adorable blur breed close up

We have a new arrival at our house, our goldendoodle, Olivia. Lovable as she is, she goes beyond what my training in managing toddlers led me to expect. Yes, toddlers at times do jump and even bite, but our Olivia is literally and figuratively over the top in that regard. 

With dog bites on my mind as well as on my forearm, then, I was especially interested in an 

article that came out just last week in the “Journal of Pediatrics.” The article’s authors, who were 

physicians at the University of Colorado, found an increase in visits to their emergency room for 

dog bites after their state’s stay-at-home order was initiated.

Now, these canine calamities cause about 340,000 visits to American emergency rooms each year, and about 40% are in children and teenagers. Do the math, and if Colorado’s experience is typical, you have a lot of dog bites there. And those are just the ones that go to the ER.

With statistics we now can sink our teeth into, let’s consider why this might be so. 

When you think about it, it’s not overly difficult to fathom. Dogs, like people, thrive on routines, and theirs, too, have been disrupted. There are more people at home. There are perhaps fewer trips outside (except, of course, the “necessary” ones) to the dog park or, given the social life our best friends have down here, to parties, restaurants and bars.

There are other logistical issues that may be contributing to dog bites. Kids are home full-time, and there may be less supervision from work-from-home parents. And many may be like the two of us, who have chosen this “down time” to acquire a yet-to-be-socialized puppy, with 

discipline a work in progress. 

Other than avoiding dogs altogether, there’s not much we can do about anything I’ve mentioned in terms of avoiding dog bites. But since bites can be serious, it makes sense to do our best to prevent them.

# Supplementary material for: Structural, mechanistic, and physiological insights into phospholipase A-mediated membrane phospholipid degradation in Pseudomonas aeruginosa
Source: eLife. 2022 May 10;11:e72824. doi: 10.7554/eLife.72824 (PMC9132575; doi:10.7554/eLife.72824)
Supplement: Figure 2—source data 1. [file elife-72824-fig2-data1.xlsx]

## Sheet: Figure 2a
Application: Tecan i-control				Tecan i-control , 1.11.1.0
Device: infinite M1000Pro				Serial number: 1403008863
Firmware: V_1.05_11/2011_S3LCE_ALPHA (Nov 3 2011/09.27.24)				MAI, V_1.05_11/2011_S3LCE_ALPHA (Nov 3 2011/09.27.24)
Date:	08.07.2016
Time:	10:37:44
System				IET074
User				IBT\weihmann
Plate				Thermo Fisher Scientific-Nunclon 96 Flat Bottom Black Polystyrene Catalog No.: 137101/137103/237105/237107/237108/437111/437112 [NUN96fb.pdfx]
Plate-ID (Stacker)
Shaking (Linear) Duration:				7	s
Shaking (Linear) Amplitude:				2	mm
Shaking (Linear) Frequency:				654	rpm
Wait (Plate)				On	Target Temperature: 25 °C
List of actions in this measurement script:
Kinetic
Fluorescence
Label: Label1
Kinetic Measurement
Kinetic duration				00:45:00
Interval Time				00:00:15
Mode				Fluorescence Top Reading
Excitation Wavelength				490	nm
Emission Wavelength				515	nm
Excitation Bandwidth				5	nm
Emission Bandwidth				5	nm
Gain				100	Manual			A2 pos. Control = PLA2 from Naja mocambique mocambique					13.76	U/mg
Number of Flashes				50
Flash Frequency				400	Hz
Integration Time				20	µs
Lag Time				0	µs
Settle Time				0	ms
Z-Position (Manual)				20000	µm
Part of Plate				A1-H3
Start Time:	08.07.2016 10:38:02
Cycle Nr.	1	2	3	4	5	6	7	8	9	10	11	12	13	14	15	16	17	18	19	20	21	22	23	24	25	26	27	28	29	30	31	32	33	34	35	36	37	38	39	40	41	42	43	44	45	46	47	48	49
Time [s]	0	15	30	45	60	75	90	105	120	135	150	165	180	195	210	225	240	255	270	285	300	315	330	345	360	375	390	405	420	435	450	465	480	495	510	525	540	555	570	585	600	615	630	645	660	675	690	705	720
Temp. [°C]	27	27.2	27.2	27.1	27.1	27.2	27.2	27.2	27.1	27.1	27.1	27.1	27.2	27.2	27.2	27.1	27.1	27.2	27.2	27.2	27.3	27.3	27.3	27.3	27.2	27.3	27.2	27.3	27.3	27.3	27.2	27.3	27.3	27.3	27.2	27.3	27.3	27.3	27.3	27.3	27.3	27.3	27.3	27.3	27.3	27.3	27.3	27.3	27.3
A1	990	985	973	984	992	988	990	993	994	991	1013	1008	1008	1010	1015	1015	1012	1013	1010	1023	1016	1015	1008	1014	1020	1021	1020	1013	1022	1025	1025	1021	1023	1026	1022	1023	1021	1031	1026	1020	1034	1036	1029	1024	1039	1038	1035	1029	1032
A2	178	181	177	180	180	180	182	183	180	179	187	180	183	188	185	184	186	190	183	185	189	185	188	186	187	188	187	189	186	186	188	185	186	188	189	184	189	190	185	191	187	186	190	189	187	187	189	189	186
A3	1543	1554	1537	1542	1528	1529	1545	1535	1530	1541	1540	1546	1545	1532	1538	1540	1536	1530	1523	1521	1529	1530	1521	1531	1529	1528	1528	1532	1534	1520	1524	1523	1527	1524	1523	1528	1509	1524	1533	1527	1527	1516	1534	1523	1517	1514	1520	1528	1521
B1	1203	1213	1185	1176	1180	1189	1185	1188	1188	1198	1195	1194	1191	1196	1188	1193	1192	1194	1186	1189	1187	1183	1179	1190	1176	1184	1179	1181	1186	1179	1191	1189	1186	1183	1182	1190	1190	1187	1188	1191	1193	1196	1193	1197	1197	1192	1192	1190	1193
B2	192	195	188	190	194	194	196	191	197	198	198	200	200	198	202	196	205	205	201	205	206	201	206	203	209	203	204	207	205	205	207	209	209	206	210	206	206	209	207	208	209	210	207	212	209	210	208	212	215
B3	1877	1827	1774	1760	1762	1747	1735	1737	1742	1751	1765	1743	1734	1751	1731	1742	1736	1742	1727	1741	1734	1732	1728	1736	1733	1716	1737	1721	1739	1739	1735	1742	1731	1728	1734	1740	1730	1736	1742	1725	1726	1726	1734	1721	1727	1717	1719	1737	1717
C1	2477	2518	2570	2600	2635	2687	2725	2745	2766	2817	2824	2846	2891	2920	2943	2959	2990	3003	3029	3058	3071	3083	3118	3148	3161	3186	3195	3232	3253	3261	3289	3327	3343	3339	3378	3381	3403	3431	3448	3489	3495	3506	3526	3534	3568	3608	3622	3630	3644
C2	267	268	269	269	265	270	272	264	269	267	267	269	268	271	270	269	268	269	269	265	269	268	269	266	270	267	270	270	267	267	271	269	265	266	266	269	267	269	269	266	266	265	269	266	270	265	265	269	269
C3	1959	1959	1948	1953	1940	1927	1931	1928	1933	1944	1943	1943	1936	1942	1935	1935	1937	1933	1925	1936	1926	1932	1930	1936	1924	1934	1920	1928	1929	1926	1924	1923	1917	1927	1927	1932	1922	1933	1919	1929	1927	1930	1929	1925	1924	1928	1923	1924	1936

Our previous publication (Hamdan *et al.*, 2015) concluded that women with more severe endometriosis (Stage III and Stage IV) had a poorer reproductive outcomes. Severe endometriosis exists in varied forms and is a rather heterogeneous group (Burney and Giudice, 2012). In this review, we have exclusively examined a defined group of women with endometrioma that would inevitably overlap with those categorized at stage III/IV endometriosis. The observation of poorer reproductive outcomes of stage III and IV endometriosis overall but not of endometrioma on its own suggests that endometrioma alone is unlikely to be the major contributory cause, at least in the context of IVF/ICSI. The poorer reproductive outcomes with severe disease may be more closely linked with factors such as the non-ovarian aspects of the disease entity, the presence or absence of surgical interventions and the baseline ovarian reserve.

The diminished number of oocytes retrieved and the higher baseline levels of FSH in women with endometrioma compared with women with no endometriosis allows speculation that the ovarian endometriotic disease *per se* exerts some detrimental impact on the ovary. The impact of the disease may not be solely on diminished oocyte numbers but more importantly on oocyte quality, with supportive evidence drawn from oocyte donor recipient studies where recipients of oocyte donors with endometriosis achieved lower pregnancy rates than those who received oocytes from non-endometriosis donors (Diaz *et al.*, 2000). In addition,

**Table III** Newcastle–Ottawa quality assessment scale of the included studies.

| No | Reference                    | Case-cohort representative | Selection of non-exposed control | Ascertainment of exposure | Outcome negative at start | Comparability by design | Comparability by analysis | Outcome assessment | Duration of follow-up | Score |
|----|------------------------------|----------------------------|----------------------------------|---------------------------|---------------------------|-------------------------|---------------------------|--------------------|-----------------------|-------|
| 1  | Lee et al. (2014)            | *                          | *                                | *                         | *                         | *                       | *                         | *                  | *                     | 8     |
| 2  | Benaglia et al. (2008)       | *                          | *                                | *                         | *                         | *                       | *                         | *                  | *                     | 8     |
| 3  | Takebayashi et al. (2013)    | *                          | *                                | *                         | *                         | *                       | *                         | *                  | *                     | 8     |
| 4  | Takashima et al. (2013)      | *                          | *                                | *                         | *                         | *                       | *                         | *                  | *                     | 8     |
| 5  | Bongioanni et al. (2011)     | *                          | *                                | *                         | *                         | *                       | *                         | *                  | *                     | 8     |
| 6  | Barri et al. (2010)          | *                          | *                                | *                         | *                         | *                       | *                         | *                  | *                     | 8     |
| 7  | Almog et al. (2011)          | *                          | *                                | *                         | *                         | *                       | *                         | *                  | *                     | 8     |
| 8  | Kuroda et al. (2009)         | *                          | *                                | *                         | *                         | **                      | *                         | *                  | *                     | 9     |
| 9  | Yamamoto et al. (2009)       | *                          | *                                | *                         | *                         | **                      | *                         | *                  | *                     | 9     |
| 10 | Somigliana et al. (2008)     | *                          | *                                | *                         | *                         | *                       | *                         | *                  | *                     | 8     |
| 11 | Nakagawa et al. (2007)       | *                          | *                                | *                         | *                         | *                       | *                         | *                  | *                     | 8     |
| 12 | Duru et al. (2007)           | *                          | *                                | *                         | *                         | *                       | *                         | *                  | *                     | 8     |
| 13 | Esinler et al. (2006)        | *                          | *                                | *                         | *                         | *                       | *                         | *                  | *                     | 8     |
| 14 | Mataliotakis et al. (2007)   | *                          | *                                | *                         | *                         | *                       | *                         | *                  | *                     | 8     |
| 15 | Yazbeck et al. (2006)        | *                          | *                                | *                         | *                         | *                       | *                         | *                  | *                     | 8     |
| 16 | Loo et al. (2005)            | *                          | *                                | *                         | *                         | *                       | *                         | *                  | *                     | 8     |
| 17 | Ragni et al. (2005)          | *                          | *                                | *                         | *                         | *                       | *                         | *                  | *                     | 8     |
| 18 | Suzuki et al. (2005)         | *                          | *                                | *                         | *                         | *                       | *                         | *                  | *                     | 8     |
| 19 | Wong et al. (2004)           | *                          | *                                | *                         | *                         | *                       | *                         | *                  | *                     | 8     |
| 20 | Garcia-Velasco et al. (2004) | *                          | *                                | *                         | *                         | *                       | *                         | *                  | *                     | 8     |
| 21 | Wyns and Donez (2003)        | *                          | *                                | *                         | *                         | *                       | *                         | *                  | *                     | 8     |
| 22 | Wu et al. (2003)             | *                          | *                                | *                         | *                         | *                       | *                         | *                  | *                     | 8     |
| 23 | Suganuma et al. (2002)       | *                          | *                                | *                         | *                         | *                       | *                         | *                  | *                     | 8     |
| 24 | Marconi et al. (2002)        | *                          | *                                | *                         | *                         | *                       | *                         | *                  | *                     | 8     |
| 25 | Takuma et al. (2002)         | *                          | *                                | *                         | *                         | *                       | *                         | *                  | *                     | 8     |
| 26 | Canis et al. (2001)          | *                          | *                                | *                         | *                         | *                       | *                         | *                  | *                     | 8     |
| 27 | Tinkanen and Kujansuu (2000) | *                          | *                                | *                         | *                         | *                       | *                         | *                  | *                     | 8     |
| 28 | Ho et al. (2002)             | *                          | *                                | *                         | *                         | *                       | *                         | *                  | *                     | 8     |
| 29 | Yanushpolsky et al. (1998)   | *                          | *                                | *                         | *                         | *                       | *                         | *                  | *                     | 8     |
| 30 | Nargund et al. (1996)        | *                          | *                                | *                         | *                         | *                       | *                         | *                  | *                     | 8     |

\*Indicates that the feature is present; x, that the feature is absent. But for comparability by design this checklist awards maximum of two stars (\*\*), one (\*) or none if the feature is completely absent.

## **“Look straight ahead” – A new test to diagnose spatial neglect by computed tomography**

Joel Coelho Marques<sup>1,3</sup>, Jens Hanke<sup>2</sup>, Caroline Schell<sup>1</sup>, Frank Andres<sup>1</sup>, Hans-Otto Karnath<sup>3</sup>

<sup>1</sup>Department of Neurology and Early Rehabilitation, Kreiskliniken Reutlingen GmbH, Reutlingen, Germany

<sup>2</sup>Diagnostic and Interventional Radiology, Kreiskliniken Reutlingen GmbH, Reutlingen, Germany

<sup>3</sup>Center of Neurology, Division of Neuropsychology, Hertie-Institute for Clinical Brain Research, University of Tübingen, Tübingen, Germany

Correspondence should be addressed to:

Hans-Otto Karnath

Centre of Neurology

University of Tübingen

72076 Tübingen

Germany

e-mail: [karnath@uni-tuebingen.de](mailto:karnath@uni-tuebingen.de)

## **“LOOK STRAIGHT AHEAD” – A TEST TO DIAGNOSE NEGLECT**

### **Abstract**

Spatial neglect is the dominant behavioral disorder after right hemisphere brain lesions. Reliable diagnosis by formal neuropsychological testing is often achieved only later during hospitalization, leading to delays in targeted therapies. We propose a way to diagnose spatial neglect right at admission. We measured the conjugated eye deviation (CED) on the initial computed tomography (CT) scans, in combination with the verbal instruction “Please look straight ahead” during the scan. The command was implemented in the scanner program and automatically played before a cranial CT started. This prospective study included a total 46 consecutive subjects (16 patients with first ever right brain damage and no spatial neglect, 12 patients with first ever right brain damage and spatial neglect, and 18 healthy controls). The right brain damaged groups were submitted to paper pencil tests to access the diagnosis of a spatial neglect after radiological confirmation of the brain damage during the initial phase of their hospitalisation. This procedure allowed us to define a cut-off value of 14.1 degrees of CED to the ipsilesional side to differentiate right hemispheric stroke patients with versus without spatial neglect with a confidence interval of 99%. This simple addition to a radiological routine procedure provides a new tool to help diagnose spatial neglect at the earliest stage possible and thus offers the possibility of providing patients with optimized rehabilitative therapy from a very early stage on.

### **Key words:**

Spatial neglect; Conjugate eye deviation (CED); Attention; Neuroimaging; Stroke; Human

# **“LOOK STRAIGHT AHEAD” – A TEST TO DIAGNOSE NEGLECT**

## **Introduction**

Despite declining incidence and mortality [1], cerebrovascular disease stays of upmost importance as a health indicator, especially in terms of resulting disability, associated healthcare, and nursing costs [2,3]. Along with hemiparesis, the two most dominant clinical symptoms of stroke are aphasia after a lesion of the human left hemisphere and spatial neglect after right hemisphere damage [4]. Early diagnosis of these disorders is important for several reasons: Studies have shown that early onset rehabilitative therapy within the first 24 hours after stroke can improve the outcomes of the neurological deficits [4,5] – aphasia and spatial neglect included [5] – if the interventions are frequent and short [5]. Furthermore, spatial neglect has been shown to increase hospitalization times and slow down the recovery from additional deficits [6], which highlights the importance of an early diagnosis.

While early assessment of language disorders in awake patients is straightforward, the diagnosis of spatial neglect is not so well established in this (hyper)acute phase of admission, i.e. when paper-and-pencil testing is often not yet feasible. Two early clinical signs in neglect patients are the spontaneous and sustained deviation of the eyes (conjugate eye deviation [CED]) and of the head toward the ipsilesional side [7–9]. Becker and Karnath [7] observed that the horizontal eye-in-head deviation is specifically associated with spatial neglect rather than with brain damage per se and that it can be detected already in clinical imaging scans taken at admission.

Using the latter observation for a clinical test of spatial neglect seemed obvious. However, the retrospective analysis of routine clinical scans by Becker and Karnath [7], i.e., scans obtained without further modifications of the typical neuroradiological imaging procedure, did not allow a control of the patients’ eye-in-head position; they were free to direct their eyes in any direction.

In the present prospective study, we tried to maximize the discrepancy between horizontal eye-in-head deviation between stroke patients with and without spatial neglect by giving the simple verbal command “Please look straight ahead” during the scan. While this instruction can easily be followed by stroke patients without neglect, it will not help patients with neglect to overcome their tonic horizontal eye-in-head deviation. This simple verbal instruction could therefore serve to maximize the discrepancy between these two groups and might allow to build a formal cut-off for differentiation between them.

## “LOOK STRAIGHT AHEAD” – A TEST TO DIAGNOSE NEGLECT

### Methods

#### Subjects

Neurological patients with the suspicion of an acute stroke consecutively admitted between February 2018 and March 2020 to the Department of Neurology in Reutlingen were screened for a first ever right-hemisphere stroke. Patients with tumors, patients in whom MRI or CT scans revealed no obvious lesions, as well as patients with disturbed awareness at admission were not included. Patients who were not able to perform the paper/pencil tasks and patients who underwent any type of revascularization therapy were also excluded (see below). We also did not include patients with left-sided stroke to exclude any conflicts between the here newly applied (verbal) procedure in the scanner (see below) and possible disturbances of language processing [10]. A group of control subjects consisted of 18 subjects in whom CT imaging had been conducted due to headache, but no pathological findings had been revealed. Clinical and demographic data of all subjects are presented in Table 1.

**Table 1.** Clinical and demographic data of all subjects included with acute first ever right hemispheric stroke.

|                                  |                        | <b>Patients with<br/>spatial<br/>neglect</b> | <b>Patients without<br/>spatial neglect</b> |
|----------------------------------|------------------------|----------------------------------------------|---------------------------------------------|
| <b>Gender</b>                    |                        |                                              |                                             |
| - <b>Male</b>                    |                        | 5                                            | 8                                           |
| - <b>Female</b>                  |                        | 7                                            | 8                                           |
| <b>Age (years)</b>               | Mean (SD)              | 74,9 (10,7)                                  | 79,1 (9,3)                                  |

The American Academy of Pediatrics has collected a lot of good pearls for avoiding bites (go to www.aap.org and search for dog bite prevention tips). 

Among the recommendations: Don’t leave a small child alone with a dog, no matter how well-known or friendly. Avoid aggressive games and use slow, gradual movements, particularly around unfamiliar dogs. Let dogs take the lead and make sure the approach is friendly. (Sniffing appears to be a good sign).

There’s a COVID-related precaution that neither I nor the AAP (whose recommendations were 

published in 2017) have thought of, and it comes from Florida Keys SPCA executive director 

Tammy Fox. “Masks can be scary for dogs, cats and animals in general, so please be considerate of animals’ space, and use caution when approaching an animal you do not know.” (Fortunately, the number of reported bites in the Keys is actually down a bit compared to last year.) 

And if bites happen? Fox advises, “First call your doctor and follow their instructions. Then call animal control in your area to report the bite.” 

She suggests you collect the owner’s contact information, a description of the animal and details of the bite (such as date, time and location). 

Fortunately, rabies has been rare in the Florida Keys. As we are finding out, however, germs can come in from the mainland. If there is any doubt as to whether the animal’s rabies vaccination is up to date — particularly if it’s not your dog — ask to see the certificate. And dog bites do carry other risks, such as bacteria, bleeding and scarring. 

I certainly have a new appreciation for dogs and what they can do. I also appreciate how the 

COVID-19 crisis can affect us in all sorts of unexpected ways. Yet this is also a time when we’re (still) home a lot and have the time to train dogs and dog lovers alike. 

Making bites a rare event helps us appreciate the role of man’s best friend even more — and who better to be by our side in a crisis?

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